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Museum of Wisconsin Art Traces 'Modernism in the Midwest'

Sep. 6, 2011
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Conceived in Europe during the late 19th century, the Modernist art movement made its way to America via the northern East Coast. These avant-garde aesthetic philosophies then found their way to artists living near the Great Lakes. The Museum of Wisconsin Art (MWA) recognizes these forward-looking individuals in an exhibition organized by Ohio's Massillon Museum, "Against the Grain: Modernism in the Midwest."

The exhibition traces Modernism in the region from the 1893 Chicago World's Fair through the final battles of World War II in 1945. More than 50 artworks collected from museums across the Midwest show that Modernist masters Manet, Gauguin, Cezanne, Matisse, Picasso, Braque and Miro influenced artists in America's vast agricultural plains.

Though the MWA exhibition focuses on a variety of painting genres, Modernist expressions are most easily identified through the portraits. Modernism explored the psychological elements of its subjects, making it easy for viewers to relate to portraits. Lucius Kutchin (1901-1936) applies complementary hues in Girl in Green to convey a mood instead of merely a photographic reality. A deep ruby bracelet, lips, strands of hair and roses contrast the girl's dark green dress to brighten her taupe skin.

In a nod to Fauve's color theories, William Sommer's (1867-1949) Ray in a Red Collar portrays a young boy painted in complex golds, greens, oranges and reds. Though his face is recognizable, it is reduced to stylized forms and shapes.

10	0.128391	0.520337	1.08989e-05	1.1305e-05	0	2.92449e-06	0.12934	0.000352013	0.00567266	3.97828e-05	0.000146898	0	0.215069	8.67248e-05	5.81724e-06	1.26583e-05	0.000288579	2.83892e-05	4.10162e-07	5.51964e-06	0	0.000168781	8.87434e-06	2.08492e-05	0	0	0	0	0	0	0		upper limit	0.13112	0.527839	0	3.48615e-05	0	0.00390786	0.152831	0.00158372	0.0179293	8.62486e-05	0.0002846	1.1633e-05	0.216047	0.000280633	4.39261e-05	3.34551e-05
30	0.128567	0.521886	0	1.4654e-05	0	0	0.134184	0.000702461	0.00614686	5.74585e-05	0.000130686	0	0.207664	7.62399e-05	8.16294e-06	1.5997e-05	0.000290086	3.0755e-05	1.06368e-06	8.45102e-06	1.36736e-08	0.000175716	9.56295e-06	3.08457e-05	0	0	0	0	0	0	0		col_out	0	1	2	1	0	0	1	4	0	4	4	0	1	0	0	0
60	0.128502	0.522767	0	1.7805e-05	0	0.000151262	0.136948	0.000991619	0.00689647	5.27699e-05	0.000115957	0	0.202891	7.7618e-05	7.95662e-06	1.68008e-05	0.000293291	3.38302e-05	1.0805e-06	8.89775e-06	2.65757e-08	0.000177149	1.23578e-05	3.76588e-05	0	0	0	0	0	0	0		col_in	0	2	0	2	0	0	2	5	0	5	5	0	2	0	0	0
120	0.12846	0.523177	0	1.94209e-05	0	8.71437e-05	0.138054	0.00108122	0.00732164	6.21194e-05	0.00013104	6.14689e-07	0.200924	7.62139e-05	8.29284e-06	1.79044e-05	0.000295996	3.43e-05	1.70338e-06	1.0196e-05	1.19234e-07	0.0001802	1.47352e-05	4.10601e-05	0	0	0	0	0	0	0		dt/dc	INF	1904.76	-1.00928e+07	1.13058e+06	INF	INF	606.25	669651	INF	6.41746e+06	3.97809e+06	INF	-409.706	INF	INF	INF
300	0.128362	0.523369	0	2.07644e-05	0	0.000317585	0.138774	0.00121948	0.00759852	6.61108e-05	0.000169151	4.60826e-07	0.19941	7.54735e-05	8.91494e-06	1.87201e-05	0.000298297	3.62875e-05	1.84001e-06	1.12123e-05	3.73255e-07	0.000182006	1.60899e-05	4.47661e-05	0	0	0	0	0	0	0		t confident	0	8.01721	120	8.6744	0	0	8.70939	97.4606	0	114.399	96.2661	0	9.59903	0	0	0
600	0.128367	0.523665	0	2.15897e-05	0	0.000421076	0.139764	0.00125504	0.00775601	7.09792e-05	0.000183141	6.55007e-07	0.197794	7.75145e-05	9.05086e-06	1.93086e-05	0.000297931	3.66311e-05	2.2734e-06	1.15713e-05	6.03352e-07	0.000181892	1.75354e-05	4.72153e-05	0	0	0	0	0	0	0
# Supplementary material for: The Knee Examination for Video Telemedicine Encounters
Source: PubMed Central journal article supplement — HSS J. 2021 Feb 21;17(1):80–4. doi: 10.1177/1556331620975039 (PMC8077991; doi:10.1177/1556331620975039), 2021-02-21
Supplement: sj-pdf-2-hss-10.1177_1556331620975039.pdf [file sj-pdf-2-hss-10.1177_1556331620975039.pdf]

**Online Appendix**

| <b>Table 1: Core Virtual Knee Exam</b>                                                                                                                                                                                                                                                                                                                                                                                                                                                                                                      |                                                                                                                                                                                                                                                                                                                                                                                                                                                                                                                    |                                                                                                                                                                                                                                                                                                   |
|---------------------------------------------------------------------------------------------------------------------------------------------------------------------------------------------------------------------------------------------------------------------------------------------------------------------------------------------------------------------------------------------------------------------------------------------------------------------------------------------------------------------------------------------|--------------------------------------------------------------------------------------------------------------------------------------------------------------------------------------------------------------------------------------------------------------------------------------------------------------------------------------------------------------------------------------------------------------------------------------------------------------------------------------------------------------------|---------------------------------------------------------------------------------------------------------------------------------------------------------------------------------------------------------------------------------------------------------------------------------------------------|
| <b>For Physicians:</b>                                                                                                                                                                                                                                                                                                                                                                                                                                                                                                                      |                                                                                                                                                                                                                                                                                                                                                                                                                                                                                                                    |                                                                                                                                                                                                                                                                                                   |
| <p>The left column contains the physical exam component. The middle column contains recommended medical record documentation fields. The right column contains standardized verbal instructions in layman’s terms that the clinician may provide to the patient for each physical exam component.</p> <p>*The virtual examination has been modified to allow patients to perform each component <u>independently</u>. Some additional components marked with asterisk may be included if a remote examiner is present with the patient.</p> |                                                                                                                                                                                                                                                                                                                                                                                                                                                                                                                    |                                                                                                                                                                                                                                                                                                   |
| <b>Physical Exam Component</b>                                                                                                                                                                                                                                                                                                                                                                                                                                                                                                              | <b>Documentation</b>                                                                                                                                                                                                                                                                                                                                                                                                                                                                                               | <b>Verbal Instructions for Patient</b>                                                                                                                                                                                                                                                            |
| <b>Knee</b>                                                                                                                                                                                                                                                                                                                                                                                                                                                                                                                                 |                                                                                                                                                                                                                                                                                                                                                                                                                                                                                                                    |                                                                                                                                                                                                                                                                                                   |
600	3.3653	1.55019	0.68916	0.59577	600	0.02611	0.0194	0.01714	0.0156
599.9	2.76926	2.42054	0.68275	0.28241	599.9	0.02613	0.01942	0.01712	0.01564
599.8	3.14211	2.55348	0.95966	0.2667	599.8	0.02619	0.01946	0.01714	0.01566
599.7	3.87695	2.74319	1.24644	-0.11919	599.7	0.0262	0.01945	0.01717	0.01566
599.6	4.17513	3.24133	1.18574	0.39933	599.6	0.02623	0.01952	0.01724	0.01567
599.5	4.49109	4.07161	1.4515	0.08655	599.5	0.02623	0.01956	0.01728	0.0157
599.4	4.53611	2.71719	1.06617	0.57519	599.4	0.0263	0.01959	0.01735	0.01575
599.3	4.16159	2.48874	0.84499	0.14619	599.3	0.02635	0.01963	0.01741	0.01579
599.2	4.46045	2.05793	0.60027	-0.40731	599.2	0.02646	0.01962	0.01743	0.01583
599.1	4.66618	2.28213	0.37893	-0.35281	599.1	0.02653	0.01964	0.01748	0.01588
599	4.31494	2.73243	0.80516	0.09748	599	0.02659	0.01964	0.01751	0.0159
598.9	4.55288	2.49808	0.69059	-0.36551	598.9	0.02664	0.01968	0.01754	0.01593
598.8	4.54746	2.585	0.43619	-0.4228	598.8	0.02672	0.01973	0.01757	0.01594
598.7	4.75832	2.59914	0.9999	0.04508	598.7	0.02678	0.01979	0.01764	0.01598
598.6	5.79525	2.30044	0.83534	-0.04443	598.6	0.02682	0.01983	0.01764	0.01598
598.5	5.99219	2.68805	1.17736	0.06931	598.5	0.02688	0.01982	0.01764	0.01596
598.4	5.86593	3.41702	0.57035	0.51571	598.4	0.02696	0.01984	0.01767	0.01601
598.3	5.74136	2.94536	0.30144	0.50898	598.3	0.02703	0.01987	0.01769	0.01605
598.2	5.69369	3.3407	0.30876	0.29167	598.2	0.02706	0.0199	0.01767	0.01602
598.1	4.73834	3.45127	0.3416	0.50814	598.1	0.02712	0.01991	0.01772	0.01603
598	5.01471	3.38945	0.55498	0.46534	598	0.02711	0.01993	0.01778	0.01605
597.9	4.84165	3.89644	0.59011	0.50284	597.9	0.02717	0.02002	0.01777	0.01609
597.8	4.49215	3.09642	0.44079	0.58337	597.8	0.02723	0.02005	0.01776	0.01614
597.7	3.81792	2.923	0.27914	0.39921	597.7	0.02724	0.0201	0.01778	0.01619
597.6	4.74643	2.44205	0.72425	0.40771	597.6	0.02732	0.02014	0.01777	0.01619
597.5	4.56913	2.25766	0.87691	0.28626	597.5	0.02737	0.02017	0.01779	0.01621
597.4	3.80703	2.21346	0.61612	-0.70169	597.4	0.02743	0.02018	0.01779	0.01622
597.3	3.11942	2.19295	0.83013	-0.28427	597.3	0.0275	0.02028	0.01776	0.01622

Well-known Wisconsin artist Carl Holty (1900-1973) takes the Modernist figure further and interprets Cubism with the paintings Pink Lady and Europa. His images break the figures into distorted, often geometric shapes that record his observations from multiple planes and viewpoints simultaneously.

Women were involved in the Modernist movement as well, and works from two women are displayed in the main gallery. Lucia Stern's fiber art image Martinique features arms and fingers flowing with Caribbean rhythms. Julia Thecla presented touches of Surrealism in her opaque and dreamlike watercolor Mary in Blue Shoes.

Often the Midwest has been considered less sophisticated than the East Coast, but the MWA breaks through those stereotypes with this cosmopolitan exhibit showing the regional rise of Modernism.

"Against the Grain" continues through Oct. 2.


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